Blockchain’s distributed ledger system is a more secure method of transferring property ownership. Implementing the blockchain to transfer real estate ownership is another matter. Obstacles stand in the way of moving from the current paper-based process to a digital system. What are some roadblocks and how could they be overcome?

1) Government Legislation

Jurisdictions, local to federal, may need to overhaul their regulations. These include changing existing legislation concerning the acceptance of digital signatures to new regulations on data protection and access. Governments implementing data-based archives of property ownership may still require paper copies and their accompanying processes, continuing to encumber the title transfer process.

Moving from legacy systems can be a challenging and lengthy process. Instituting a land registry blockchain will need a thorough review of existing legislation to see which laws need revision or repeal, and what new provisions will be drafting.

Changing the existing legal codes requires education of the public, legislators, and government employees. Not everyone understands the blockchain and how it verifies data. Some political officeholders may raise concerns about blockchain’s security or the cost of moving to a distributed ledger system.

Luckily, other countries are leading the way in creating blockchain land registries for property transactions that educate our government institutions. Cook County published its report of a blockchain pilot program used in its Recorders of Deeds office for further reference on how blockchain could be applied to real estate transactions.

2) Security

After numerous public, private, and government institutions announced data breaches, the general public has a legitimate fear of cybercrime. Could a hacker attack a government blockchain storing digitized records? Other parties might be concerned about data manipulation when moving sensitive documents to a digital system. Even MIT acknowledges no system, including blockchains, are completely free from human manipulation.

Part of the solution lies in understanding how blockchain works and why it’s more secure than existing systems. Again, multiple parties will need education on how blockchains process information and verify data across the network. Simply saying “data is distributed across a digitized ledger” initially makes the system sound vulnerable to cyber attacks, but the blockchain really reduces the risk of data loss and manipulation. Since all the sources have to agree to change information, it’s actually less at risk from cyber crime. The entire transaction history is recorded and transparent, decreasing potential real estate fraud.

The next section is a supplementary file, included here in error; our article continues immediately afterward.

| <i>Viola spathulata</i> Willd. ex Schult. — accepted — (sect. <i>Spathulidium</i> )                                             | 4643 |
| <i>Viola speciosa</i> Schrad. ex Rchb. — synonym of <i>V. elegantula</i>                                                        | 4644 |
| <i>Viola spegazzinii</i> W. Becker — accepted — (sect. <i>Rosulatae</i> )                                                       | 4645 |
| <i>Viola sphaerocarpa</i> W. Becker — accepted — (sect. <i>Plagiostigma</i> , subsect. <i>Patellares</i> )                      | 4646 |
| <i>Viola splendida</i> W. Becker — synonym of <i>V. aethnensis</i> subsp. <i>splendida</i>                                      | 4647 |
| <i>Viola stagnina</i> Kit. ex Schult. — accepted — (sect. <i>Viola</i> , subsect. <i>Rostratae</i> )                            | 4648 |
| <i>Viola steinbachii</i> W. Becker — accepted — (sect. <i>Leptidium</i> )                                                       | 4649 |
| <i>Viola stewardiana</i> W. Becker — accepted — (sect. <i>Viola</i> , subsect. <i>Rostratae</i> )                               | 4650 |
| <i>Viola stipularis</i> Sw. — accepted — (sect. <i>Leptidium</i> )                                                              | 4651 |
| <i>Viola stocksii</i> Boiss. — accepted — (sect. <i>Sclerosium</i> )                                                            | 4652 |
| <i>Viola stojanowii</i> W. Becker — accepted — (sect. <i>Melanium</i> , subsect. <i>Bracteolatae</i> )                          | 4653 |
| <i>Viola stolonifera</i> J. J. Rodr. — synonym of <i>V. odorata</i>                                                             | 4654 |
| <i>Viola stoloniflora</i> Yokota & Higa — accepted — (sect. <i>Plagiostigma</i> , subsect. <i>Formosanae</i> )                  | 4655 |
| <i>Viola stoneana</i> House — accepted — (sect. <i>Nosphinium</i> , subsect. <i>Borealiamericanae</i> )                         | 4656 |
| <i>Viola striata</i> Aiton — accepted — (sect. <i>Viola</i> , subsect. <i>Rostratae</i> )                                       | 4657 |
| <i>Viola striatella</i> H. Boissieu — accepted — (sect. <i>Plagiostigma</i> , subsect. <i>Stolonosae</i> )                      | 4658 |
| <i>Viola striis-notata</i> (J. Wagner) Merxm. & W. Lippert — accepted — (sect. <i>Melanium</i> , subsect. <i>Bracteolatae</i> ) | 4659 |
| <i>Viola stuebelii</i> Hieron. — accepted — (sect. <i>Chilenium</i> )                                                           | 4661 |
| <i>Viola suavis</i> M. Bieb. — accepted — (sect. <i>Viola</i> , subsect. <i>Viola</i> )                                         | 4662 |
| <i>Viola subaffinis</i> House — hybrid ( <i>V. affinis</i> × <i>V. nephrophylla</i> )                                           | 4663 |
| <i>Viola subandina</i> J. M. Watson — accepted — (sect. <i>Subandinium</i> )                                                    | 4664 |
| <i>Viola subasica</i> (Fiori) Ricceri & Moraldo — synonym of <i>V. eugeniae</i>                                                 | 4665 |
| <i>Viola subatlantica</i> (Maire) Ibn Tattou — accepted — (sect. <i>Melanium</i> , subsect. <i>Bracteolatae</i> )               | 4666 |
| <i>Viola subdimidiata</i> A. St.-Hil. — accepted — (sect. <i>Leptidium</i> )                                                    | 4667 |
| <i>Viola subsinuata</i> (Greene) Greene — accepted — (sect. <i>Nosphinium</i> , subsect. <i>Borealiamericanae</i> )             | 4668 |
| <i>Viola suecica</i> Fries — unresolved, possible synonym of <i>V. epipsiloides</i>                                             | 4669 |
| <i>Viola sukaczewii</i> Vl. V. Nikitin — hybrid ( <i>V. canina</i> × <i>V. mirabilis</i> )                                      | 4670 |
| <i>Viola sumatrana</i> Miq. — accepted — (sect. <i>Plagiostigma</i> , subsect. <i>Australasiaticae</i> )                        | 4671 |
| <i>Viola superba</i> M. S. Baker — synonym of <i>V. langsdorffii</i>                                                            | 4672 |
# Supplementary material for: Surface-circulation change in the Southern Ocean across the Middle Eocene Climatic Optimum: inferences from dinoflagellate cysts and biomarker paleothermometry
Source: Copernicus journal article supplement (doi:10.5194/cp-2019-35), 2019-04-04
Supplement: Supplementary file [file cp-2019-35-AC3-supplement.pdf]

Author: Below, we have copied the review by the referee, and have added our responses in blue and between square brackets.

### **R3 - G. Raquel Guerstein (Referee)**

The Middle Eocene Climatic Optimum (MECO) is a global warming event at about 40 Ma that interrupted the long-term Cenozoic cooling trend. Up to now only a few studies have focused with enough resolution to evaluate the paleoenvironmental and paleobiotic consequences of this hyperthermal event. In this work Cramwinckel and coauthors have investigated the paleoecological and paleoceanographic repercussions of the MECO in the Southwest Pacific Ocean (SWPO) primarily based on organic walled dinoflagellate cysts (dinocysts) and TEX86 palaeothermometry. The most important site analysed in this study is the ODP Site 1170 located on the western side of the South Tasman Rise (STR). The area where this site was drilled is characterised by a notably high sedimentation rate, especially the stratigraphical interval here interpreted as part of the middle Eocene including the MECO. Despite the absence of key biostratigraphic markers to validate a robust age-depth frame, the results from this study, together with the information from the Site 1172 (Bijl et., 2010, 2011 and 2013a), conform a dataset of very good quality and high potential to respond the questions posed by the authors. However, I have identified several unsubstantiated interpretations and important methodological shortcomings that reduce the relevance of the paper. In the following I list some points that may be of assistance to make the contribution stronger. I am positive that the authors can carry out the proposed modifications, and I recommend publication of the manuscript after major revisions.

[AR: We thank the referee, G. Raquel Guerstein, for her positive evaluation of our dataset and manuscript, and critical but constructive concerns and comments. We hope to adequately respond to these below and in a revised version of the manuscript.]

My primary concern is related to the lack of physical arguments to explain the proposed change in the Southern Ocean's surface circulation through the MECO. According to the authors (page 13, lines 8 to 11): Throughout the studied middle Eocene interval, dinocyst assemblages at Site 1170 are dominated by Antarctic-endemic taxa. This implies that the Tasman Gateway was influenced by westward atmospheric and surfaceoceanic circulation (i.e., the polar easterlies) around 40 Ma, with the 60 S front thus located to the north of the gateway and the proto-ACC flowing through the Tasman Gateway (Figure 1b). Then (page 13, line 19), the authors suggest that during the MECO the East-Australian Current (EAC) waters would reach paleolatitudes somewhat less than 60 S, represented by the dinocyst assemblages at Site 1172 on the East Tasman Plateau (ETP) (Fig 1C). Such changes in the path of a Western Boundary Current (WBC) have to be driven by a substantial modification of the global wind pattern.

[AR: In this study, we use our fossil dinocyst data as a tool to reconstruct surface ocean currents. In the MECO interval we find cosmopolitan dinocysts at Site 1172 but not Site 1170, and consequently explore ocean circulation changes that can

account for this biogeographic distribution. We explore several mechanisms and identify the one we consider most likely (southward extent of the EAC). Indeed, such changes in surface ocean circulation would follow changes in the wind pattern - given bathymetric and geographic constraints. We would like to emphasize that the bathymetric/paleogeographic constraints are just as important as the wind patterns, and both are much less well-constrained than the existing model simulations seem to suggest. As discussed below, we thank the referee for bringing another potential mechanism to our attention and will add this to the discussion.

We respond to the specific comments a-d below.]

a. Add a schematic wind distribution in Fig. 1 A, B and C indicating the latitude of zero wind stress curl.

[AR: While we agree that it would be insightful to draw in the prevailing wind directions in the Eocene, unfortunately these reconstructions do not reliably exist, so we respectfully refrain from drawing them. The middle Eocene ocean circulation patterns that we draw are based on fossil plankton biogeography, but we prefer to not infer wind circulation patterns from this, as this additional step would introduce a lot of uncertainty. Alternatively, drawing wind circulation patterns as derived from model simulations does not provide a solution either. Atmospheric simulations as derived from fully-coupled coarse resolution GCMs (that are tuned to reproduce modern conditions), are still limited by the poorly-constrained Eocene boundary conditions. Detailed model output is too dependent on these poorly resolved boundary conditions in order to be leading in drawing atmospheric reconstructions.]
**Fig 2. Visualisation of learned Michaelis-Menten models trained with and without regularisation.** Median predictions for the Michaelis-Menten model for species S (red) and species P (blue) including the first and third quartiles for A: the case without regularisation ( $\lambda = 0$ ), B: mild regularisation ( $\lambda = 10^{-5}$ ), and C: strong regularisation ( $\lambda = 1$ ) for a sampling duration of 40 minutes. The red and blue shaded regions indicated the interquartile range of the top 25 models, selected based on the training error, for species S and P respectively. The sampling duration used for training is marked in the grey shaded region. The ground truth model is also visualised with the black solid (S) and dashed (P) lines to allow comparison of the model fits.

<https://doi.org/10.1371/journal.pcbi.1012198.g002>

3) Disparate systems

Even inside states, separate government offices record and secure vital information differently. Government systems must standardize the data for accurate communication. When it comes to a land registry, creating a standardized digital property address system like that being implemented in Ghana will be an essential step. Given how governments work, this could be a complicated process.

There will need to be an overseeing agency to decide how a digitized land title registry will work. A unified process secures the database, prevents title transfer confusion, and builds confidence in the process. REIDAO is one tech firm working towards assigning physical properties digital addresses on the blockchain.

4) Change the System

Moving to a blockchain-based property transaction would significantly disrupt the current titling process. People will lose jobs because the blockchain removes the need for middlemen like title insurance providers. Naturally, the real estate servicing industries will push back.

A shift to the digital land title system will not be an overnight process. Passing the right legislation alone could take years. There will be time to prepare for the new land transfer process. The tasks blockchain eliminates in the escrow process likely will slowly wane away, much as witnessed in other industries that shifted from manual to automated labor.

Could property ownership move to a blockchain?

With tech firms actively exploring blockchain’s real estate applications, brilliant minds are currently working on overcoming the blockchain road blocks. Creating a blockchain-based ownership record could be feasible, given the right resources and education. The United States can look to other governments piloting or shifting to a blockchain land registry and titling process to learn how it can be achieved.